The Contemporary Art rush

At the start of the 21st century, the global art world changed substantially as large numbers of new millionaire buyers joined the Market, and China decided to develop its own market.

The Contemporary Art rush

The Contemporary Art Market is not what it was 20 years ago. It has undergone profound structural changes, with evermore artists (from 5,400 artists to nearly 32,000 today) and evermore artworks (from 12,000 lots offered to 123,000) and it has grown and expanded geographically, from 39 to 64 countries active in auctions. It has accelerated with the fluidification of remote transactions and is now the most dynamic and profitable segment of the entire Art Market. In 20 years, the number of auction houses participating in the Contemporary Art Market has almost doubled, the number of specialized sessions has tripled, and the number of lots sold has multiplied by six.

Growth figures

2000 2010 2019
Auction turnover $92m $1,145m $1,993m
Top auction result $2.2m $16.9m $91.1m
Average price $7,430 $30,400 $25,140
Lots sold 12,355 37,670 79,290
Lots presented 19,180 61,885 122,875
Unsold rate 36% 39% 35%
Sales 1,794 2,960 5,874
Artiste 5,425 18,284 31,918
Cities 359 377 539
Coutry 39 58 64
Auction house 467 618 843
Buyers’ premium 14.4% 16.9% 20%
Market share 2.9% 8.6% 14.9%
Best performing artist Basquiat
© artprice.com

The Contemporary Art Market has gained $2 billion in 20 years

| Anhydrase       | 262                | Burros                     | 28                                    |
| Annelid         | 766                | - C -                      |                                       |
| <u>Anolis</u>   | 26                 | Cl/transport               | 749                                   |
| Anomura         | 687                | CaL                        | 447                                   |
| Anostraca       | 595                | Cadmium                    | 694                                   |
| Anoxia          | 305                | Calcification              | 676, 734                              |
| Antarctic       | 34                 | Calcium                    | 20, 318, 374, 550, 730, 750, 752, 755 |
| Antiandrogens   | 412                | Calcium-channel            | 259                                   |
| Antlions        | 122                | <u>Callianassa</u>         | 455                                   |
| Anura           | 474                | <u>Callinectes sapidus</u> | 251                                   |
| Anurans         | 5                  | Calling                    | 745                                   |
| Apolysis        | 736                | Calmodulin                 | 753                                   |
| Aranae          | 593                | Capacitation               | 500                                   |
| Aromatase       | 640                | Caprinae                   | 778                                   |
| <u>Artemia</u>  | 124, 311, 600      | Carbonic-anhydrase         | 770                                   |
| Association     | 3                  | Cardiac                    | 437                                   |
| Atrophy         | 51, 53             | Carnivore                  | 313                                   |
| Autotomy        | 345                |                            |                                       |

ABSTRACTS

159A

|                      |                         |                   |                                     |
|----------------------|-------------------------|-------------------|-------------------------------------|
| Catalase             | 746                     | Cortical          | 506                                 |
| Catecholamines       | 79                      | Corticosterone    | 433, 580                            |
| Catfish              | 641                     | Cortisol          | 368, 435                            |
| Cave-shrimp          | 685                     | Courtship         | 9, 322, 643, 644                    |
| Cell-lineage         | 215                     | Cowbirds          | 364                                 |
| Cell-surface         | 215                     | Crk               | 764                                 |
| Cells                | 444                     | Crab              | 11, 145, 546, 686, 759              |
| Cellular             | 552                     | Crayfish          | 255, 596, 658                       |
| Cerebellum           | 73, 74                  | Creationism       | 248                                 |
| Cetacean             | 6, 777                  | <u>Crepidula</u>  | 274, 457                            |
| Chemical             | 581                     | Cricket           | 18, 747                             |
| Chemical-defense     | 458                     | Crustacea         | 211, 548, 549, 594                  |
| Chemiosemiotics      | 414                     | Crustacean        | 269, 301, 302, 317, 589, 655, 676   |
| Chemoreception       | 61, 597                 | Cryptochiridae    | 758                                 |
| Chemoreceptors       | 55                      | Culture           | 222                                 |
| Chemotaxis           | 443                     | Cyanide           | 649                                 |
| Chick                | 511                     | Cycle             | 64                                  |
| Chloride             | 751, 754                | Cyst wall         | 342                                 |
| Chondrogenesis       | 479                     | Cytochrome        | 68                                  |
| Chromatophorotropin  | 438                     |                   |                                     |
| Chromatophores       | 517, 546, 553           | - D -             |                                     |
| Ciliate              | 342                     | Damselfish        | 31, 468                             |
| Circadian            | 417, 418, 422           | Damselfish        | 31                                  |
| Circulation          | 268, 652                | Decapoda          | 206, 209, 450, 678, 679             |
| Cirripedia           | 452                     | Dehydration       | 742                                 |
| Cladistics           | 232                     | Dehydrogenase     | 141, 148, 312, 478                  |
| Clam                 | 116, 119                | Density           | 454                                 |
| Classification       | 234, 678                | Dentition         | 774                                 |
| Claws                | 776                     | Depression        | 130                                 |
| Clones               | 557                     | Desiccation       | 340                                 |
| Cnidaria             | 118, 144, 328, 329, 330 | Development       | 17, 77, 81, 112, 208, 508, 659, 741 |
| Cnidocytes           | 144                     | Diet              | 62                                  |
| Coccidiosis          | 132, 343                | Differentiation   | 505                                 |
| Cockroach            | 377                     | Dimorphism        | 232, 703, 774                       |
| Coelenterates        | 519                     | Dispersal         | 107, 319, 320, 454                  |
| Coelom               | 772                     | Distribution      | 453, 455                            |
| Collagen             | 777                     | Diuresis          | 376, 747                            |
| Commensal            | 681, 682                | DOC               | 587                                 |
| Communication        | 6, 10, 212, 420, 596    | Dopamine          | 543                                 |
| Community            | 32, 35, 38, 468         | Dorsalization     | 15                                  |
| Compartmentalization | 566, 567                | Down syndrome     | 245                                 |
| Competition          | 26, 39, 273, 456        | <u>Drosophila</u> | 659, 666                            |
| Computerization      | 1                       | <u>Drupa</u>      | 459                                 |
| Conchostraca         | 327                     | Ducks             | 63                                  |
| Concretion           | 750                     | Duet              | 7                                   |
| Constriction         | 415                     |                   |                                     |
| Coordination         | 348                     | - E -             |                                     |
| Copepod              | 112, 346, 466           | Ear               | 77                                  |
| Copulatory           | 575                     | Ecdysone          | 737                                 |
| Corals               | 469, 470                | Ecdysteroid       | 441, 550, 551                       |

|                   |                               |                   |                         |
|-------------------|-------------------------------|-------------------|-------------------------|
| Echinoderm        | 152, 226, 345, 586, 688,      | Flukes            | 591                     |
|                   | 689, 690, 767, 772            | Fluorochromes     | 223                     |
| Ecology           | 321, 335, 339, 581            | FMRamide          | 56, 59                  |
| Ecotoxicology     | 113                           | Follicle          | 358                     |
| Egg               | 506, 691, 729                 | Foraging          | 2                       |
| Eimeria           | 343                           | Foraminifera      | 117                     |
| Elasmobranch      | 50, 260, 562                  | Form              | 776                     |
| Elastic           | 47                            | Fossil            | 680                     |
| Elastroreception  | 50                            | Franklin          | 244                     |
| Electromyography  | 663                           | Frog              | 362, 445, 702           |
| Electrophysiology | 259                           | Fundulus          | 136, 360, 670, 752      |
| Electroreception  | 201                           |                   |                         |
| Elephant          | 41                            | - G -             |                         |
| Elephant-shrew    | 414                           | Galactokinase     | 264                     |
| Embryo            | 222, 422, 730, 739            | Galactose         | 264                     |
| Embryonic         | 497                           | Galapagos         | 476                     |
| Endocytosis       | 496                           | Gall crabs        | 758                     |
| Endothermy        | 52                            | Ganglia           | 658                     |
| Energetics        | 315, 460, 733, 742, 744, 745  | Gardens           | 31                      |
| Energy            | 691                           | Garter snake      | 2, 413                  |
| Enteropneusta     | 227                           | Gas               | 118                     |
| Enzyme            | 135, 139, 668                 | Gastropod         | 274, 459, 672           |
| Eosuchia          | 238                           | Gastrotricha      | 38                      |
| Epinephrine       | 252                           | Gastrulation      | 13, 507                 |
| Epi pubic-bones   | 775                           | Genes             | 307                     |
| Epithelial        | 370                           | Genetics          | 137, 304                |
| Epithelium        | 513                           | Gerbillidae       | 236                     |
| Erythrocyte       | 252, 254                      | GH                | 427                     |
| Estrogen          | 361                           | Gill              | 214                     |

Formerly a very small segment of the overall Art Market, the Contemporary segment now accounts for 15% of the global Art Market. Worth just under $2 billion in auction turnover – versus less than $92 million in 2000 – it has now overtaken both the Old Masters and 19th century. Recently a work by Jean-Michel BASQUIAT beat the world record for an art auction result in the year 2000 by fetching over $100 million, starkly illustrating the change in the market’s value scales. Basquiat could well cross this price threshold again in the future, and he may not be the only one. Moreover, the works of a handful of our Contemporary creators have already been consecrated as « historical assets »… as important, in monetary terms, as the greatest Modern artists like Monet or Picasso.

In the 21st century, Contemporary Art has become the primary growth driver of the global Art Market.

Basquiat holds the first and the latest auction records of the last 20 years. He created the first Contemporary work to fetch over $1 million (in 1998) and the most expensive Contemporary work ever sold (in 2017). Between the two dates, Basquiat’s auction record rose from $1.7 million to over $110 million, a multiplication by 65 in 20 years. Over this same period, the average price of a Contemporary Artwork has tripled (going from $7,430 to $25,040), the strongest progression in any creative period. This growth has made Contemporary Art the primary growth engine of the global Art Market in 21st century.

Contemporary Art 2000-2020: the key figures…

  • 6 times more artists and 6 times more lots.
  • A +2,100% increase in auction turnover.
  • Basquiat holds the segment’s world auction record at $110 million (in 2017).
  • Contemporary Art now represents 15% of the global Art Market vs. 3% 20 years ago.
  • China and the United States generate 68% of the global auction turnover.
  • In value terms, Contemporary artworks have generated $22.7 billion since 2000.
  • Over 60% of the Contemporary market is hammered for paintings.

Global Contemporary Art sales: turnover and lots sold

Global Contemporary Art sales: turnover and lots sold

Six times more Contemporary works sold in 2019 than 20 years ago

The first billion in 2007